I can understand the allure of a retro steel road bike with rim brakes; I’ve looked at some lovely vintage looking high end steel framesets, myself. At the end of the day I just couldn’t bring myself to spend a good chunk of money on what would be used as a fair weather bike and which is worse than my carbon one, but they can be really pretty.
If someone races, then I think the priorities change - that’s totally fair.
Interestingly, my wife is a triathlete. She’s thinking about a new bike, but is hesitant. Part of that is she is committed to discs and electronic shifting, which will push the cost up. Both of those things I think are sensible for her use case; she’s neither a great bike handler nor a confident descender (running background, didn’t cycle at all between her early teens and late 20s), and the ability to shift from the base bars will help her in particular but is generally an advantage in TTs.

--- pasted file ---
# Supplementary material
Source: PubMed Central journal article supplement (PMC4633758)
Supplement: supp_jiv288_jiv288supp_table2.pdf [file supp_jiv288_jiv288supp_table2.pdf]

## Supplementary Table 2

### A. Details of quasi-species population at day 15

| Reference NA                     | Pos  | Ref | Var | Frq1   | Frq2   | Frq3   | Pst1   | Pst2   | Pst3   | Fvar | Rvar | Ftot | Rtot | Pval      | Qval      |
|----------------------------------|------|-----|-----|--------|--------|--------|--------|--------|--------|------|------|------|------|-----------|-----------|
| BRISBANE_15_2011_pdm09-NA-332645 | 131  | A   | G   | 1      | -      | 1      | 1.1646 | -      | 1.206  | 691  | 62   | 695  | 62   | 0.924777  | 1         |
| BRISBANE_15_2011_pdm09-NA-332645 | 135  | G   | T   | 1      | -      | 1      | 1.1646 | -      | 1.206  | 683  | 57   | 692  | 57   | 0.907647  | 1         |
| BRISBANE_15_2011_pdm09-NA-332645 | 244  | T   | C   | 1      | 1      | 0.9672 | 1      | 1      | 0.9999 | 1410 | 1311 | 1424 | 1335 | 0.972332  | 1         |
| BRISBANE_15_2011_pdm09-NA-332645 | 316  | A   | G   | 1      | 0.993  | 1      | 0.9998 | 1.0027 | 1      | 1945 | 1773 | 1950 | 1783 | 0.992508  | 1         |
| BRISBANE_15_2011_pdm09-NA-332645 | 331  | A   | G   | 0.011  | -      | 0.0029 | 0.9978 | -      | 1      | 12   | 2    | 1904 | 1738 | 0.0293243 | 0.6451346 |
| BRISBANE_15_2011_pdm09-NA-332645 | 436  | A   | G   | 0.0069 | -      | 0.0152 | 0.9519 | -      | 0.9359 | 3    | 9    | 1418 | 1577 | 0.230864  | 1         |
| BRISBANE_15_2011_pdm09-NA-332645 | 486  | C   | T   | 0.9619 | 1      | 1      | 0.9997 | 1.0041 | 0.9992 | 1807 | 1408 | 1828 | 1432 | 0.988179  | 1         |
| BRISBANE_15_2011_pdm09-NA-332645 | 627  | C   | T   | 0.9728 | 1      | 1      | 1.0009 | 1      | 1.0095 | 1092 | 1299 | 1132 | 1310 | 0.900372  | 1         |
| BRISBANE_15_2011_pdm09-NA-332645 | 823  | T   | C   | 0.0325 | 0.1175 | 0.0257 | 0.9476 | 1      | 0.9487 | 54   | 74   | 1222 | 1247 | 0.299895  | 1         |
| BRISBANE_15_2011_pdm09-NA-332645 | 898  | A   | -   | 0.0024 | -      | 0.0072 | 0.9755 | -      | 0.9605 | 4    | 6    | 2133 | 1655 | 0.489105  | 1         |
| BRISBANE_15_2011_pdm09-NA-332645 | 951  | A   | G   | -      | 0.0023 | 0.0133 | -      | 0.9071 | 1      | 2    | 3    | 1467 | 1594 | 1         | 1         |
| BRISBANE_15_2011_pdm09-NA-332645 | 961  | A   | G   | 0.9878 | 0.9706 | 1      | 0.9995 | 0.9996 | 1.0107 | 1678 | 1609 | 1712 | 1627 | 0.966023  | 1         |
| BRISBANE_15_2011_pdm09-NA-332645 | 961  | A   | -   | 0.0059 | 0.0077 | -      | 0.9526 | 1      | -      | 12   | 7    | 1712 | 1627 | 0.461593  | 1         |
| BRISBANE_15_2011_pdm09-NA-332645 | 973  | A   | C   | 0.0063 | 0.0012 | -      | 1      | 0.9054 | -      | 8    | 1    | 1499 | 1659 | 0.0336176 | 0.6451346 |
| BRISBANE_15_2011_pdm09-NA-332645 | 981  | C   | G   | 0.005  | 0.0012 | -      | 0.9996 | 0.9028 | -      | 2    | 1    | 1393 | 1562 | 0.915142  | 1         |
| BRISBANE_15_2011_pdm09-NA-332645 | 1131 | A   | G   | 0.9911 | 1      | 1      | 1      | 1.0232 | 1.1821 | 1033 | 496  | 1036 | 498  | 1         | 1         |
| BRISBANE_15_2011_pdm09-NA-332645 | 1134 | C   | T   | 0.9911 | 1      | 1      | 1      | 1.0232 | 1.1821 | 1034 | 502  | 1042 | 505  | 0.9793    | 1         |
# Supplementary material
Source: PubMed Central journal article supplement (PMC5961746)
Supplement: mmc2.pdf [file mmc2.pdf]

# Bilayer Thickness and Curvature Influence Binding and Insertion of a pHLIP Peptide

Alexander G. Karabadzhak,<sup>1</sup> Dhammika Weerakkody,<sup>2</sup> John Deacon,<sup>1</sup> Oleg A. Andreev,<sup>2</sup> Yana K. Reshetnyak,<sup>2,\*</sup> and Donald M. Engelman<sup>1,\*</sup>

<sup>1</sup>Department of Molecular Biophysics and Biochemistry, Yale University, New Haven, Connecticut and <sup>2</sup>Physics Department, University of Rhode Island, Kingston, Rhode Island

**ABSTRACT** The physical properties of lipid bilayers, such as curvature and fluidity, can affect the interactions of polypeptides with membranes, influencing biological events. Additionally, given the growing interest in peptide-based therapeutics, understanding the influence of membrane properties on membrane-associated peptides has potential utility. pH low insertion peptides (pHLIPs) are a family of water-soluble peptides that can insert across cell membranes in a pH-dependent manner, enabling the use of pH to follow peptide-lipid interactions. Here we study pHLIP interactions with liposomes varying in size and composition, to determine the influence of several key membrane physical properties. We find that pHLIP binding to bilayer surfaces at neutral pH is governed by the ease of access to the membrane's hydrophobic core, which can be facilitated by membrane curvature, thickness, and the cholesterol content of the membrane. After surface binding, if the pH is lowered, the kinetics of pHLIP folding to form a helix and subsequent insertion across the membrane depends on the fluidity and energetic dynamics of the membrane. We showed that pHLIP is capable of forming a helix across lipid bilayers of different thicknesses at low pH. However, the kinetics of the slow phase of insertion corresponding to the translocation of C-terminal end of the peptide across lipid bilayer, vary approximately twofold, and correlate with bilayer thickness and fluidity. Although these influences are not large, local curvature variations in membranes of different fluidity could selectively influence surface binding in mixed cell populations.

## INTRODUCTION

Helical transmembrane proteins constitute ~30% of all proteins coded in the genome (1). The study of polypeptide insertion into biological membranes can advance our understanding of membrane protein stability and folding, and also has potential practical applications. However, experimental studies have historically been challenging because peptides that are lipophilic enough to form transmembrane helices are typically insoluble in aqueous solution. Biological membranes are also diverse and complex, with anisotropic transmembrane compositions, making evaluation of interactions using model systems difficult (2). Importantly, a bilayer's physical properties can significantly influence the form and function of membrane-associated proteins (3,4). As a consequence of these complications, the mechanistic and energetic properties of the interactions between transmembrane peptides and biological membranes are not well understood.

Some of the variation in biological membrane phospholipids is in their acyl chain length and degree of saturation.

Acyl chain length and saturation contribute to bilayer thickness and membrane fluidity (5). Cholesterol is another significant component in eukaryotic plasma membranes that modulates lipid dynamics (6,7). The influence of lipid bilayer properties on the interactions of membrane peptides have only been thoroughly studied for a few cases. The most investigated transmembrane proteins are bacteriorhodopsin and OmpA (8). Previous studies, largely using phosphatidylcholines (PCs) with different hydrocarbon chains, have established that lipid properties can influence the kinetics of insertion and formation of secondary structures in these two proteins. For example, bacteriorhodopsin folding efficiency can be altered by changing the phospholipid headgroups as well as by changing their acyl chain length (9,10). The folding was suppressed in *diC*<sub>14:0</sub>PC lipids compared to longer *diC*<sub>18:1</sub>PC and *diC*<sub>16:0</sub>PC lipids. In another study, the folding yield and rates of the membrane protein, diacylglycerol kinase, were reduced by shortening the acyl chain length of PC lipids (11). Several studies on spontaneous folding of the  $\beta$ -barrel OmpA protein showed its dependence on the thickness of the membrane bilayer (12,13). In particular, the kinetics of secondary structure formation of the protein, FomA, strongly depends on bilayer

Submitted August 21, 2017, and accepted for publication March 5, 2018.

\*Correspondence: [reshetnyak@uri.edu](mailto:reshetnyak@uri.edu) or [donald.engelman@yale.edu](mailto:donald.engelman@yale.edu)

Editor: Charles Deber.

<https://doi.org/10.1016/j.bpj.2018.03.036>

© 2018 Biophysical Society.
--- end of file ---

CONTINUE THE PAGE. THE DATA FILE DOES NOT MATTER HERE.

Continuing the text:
If I were buying a similar bike, I’d also go for electronic but would probably go with rim brakes. If I was going back into road racing, I think I’d be really torn on both gearing and braking systems. If I were buying a crit bike, I’d buy what I could afford to write off!
I have a bit of a bee in my bonnet that most higher end road bikes are watered down race bikes which are then sold to people who don’t race and for which they’re a poor fit, in all senses of the phrase. It’s one of the reasons IMO for the rise of gravel bikes: people get on them and actually feel comfortable and confident on a bike! But that aside, what I’ve been trying to illustrate is the dogmatic position that ‘X is better than Y’ (without any caveats) is nearly always wrong.
A partially off topic consideration… The “A group” and the “bullet train group” seem to be a common thing everywhere in the world!
Here in Italy, in the city where I live, we also have these spontaneous groups, we just call them differently… "Formula 1“!!!